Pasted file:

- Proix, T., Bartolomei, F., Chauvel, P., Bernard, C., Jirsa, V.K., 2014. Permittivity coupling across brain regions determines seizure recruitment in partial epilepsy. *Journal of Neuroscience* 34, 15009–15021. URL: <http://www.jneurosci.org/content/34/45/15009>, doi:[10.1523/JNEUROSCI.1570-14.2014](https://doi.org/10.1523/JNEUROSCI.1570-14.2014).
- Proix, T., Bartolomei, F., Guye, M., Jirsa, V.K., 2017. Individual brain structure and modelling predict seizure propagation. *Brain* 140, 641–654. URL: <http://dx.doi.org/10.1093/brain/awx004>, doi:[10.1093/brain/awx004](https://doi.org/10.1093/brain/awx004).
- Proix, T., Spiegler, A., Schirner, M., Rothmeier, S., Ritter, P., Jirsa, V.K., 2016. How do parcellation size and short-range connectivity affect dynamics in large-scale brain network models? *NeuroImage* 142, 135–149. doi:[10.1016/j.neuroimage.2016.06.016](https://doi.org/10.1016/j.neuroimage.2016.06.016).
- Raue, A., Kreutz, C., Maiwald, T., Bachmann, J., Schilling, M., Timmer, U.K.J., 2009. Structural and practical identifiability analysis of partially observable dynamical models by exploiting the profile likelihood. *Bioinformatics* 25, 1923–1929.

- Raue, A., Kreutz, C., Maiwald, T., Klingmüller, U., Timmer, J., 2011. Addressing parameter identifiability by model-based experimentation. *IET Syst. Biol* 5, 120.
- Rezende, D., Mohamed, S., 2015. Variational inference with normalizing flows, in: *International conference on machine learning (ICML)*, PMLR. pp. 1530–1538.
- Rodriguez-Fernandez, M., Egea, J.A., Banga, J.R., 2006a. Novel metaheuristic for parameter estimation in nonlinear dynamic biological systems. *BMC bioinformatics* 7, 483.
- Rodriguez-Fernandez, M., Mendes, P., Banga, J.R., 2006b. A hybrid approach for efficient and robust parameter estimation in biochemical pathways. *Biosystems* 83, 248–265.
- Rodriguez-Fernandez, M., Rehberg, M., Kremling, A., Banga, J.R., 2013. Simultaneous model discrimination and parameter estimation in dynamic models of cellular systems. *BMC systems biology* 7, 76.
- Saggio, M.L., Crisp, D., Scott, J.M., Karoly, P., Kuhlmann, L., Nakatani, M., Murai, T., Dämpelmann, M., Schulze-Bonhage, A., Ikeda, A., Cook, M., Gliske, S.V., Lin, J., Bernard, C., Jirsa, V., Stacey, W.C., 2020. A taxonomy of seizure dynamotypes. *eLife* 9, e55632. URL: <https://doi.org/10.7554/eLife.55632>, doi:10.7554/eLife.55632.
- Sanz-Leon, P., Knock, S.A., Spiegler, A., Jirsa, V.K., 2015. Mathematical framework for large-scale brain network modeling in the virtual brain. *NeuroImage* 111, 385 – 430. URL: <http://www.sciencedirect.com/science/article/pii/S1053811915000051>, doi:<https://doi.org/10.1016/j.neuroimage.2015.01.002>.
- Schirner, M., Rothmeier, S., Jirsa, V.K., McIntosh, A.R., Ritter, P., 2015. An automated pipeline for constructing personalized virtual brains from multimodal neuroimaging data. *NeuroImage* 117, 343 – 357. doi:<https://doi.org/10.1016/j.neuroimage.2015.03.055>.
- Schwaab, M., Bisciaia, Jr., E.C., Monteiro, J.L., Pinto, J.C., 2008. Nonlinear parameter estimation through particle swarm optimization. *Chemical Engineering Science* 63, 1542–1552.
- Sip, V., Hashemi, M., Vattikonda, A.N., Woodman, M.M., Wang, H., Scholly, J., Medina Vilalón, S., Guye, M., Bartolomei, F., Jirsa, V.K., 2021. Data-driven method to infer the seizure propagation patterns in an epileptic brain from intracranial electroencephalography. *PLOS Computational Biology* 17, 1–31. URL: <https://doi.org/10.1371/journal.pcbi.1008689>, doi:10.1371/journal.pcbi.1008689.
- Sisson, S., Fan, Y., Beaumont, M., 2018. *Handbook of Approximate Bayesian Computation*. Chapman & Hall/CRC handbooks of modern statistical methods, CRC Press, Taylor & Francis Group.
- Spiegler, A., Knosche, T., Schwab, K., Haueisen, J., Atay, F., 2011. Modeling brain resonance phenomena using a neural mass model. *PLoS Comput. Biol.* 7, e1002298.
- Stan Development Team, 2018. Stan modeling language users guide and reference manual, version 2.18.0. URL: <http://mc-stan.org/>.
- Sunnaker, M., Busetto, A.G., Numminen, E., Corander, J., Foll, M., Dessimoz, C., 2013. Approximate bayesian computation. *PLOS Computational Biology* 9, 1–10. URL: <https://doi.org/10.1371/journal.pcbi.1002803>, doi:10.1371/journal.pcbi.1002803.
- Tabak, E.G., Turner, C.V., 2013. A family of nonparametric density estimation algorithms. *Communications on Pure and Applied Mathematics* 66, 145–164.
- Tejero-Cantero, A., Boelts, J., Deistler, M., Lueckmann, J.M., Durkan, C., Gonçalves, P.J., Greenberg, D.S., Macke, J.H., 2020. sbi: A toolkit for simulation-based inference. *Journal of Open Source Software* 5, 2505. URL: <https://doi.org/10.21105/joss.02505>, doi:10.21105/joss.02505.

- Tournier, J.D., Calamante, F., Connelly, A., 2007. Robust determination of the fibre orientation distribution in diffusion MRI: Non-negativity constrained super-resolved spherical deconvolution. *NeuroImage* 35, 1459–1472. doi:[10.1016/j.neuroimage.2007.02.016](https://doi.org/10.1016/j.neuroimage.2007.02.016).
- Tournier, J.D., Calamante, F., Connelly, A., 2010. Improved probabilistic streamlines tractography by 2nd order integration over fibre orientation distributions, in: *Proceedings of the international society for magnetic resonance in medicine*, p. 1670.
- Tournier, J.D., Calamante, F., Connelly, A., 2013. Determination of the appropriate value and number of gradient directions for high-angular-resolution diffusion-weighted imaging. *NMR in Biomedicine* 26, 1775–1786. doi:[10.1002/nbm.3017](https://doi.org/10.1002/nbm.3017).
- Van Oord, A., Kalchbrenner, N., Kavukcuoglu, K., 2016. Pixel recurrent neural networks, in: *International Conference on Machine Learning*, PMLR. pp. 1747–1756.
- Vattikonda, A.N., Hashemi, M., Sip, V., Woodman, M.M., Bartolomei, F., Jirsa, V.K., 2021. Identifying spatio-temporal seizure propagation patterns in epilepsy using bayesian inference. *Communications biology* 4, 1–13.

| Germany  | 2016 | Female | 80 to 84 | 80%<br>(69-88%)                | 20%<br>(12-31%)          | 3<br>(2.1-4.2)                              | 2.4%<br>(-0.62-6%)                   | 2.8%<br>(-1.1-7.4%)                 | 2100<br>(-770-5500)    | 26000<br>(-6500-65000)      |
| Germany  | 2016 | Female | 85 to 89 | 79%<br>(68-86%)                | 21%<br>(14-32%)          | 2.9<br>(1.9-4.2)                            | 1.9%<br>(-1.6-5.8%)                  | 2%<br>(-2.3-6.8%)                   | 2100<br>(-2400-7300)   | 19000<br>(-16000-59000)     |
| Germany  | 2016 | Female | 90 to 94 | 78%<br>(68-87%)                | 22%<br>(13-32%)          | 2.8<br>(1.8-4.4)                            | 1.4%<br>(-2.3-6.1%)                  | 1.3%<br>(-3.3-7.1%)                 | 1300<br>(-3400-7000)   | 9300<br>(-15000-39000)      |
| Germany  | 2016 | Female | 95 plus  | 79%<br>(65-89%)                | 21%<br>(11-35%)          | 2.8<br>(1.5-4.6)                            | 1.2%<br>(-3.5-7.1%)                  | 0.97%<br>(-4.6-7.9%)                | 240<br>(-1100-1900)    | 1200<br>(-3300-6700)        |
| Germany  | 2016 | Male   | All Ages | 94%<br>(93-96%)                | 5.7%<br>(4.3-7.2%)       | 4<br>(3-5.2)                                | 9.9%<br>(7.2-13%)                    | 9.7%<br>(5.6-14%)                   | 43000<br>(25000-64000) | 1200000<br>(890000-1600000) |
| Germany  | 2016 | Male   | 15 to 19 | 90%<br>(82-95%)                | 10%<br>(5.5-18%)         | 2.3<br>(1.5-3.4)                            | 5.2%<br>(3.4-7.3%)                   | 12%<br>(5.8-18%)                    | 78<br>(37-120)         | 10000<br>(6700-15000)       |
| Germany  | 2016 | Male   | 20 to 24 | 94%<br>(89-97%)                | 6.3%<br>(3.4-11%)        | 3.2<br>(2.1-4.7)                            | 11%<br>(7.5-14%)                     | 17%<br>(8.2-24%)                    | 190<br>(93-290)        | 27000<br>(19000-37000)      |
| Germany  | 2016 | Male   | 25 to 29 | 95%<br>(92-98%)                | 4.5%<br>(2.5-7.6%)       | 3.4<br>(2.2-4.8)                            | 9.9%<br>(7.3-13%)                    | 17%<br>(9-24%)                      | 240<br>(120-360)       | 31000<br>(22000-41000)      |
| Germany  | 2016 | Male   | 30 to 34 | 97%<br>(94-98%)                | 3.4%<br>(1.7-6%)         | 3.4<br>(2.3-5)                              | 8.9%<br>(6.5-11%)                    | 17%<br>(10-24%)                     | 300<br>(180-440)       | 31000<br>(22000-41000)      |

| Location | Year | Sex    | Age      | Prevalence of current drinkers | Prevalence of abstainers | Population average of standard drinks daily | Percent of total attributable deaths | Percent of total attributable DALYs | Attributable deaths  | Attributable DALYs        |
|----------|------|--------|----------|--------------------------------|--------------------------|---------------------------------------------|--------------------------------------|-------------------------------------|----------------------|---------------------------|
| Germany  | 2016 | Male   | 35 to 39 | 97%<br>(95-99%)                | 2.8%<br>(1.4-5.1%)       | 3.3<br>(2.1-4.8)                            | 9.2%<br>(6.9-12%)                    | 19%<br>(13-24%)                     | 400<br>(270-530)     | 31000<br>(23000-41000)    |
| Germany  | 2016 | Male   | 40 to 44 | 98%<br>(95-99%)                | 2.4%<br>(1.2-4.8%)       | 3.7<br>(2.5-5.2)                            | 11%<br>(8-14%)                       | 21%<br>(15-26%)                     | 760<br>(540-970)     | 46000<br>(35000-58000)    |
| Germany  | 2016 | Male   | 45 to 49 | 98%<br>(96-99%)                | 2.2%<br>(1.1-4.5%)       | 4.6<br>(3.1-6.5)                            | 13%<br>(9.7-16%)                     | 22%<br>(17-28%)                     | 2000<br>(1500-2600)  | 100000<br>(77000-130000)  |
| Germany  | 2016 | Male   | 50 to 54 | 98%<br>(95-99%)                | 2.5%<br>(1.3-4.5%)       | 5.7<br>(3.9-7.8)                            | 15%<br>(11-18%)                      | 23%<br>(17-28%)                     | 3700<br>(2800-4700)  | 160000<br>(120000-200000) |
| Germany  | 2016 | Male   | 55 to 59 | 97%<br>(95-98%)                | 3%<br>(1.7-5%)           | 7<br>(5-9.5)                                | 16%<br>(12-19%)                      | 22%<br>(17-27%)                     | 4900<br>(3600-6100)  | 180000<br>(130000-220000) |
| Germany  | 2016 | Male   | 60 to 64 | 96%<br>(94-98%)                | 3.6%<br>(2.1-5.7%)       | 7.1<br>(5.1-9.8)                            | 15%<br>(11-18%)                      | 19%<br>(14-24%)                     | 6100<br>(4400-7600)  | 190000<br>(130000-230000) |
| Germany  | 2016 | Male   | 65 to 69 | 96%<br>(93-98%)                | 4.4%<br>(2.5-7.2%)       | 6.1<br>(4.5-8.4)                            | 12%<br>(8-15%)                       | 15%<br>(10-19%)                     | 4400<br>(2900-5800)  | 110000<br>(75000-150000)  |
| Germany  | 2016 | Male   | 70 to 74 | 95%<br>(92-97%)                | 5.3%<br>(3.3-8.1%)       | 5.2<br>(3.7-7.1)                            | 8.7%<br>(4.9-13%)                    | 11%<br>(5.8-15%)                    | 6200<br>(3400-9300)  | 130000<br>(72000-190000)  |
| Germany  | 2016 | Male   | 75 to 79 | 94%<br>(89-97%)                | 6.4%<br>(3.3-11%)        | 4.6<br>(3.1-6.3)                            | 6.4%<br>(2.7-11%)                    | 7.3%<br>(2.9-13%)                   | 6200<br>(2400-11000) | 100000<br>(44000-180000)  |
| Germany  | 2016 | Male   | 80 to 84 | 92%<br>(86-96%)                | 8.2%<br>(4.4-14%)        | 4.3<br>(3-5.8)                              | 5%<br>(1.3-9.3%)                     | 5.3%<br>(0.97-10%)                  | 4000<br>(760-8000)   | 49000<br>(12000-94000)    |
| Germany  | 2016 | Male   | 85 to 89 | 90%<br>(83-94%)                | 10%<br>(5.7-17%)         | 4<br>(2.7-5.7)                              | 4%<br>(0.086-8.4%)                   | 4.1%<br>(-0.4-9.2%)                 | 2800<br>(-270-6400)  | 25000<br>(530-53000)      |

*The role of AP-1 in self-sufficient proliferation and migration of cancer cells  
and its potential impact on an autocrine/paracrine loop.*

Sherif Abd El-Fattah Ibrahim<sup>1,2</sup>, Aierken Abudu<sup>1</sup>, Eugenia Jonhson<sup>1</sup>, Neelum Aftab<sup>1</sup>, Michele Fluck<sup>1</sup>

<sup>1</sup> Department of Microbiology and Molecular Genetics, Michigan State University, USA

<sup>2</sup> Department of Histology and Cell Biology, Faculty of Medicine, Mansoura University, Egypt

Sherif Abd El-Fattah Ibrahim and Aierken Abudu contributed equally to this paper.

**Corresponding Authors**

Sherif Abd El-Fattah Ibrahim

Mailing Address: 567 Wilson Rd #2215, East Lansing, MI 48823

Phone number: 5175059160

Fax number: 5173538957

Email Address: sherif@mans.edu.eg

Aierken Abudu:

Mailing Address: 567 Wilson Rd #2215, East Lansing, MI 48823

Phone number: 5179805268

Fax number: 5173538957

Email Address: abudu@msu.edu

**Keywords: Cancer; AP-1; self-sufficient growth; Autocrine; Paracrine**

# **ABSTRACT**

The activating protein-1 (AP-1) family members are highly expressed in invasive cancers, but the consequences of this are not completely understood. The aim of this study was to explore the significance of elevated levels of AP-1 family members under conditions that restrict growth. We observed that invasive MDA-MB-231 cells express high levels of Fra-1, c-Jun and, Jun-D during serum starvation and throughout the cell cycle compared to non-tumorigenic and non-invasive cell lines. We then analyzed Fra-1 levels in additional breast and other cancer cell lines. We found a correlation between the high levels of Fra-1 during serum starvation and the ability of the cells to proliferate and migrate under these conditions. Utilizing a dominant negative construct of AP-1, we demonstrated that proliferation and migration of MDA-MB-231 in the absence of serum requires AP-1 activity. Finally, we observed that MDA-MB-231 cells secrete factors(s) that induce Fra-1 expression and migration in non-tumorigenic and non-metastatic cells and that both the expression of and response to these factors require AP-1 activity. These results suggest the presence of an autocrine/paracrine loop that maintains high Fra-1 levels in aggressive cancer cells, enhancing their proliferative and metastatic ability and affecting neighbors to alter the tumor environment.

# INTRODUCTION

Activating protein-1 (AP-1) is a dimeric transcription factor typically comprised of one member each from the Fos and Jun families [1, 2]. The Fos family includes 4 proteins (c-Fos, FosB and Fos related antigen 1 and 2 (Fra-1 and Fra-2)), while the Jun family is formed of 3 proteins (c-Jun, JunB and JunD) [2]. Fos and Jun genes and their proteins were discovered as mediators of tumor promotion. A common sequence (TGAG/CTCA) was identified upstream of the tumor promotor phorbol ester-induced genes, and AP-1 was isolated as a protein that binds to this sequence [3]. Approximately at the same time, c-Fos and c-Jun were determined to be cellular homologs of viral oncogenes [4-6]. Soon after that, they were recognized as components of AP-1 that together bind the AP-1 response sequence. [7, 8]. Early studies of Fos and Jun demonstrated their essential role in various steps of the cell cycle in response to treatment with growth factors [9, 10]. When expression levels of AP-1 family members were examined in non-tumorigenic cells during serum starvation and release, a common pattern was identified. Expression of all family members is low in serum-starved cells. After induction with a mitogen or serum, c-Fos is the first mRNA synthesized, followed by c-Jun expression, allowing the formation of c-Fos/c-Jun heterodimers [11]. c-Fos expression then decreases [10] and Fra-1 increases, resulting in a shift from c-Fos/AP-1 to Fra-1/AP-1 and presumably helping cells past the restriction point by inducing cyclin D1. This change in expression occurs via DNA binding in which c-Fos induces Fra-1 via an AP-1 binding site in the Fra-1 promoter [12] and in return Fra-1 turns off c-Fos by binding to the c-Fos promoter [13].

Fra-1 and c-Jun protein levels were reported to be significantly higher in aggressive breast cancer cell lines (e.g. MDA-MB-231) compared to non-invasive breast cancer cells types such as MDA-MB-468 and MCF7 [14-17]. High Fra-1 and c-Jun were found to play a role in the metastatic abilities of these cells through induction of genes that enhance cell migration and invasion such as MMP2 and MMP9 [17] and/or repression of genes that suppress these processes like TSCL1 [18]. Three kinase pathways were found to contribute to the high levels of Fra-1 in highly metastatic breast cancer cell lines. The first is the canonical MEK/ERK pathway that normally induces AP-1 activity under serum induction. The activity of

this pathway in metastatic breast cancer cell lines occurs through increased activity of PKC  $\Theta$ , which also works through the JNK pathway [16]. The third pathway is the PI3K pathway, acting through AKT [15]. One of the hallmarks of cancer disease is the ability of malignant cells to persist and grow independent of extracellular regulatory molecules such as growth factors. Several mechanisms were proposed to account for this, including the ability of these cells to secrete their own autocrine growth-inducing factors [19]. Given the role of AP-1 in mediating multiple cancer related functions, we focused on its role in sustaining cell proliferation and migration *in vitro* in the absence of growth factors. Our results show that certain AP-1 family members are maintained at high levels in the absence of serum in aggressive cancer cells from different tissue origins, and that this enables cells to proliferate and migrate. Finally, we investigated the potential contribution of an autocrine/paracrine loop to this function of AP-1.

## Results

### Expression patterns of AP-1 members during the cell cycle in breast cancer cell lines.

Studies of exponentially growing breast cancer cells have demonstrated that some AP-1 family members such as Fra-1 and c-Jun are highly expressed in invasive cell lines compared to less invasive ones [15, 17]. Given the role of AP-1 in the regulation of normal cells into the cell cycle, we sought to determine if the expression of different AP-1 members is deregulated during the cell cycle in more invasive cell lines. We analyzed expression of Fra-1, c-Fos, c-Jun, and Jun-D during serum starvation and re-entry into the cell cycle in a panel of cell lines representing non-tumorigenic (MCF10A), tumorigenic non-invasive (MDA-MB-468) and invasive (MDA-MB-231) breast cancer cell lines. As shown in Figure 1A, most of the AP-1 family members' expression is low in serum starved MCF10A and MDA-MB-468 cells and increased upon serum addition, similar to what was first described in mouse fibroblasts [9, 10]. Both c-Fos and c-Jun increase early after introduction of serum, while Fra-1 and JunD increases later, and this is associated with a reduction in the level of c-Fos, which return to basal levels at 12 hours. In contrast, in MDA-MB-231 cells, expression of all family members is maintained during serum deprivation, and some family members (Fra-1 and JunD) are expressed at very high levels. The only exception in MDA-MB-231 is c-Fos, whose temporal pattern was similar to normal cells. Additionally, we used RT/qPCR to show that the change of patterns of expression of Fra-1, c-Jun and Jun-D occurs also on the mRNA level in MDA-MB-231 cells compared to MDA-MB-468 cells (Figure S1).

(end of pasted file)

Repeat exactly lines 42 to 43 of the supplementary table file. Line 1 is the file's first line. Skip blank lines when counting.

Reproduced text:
| Germany  | 2016 | Male   | 60 to 64 | 96%<br>(94-98%)                | 3.6%<br>(2.1-5.7%)       | 7.1<br>(5.1-9.8)                            | 15%<br>(11-18%)                      | 19%<br>(14-24%)                     | 6100<br>(4400-7600)  | 190000<br>(130000-230000) |
| Germany  | 2016 | Male   | 65 to 69 | 96%<br>(93-98%)                | 4.4%<br>(2.5-7.2%)       | 6.1<br>(4.5-8.4)                            | 12%<br>(8-15%)                       | 15%<br>(10-19%)                     | 4400<br>(2900-5800)  | 110000<br>(75000-150000)  |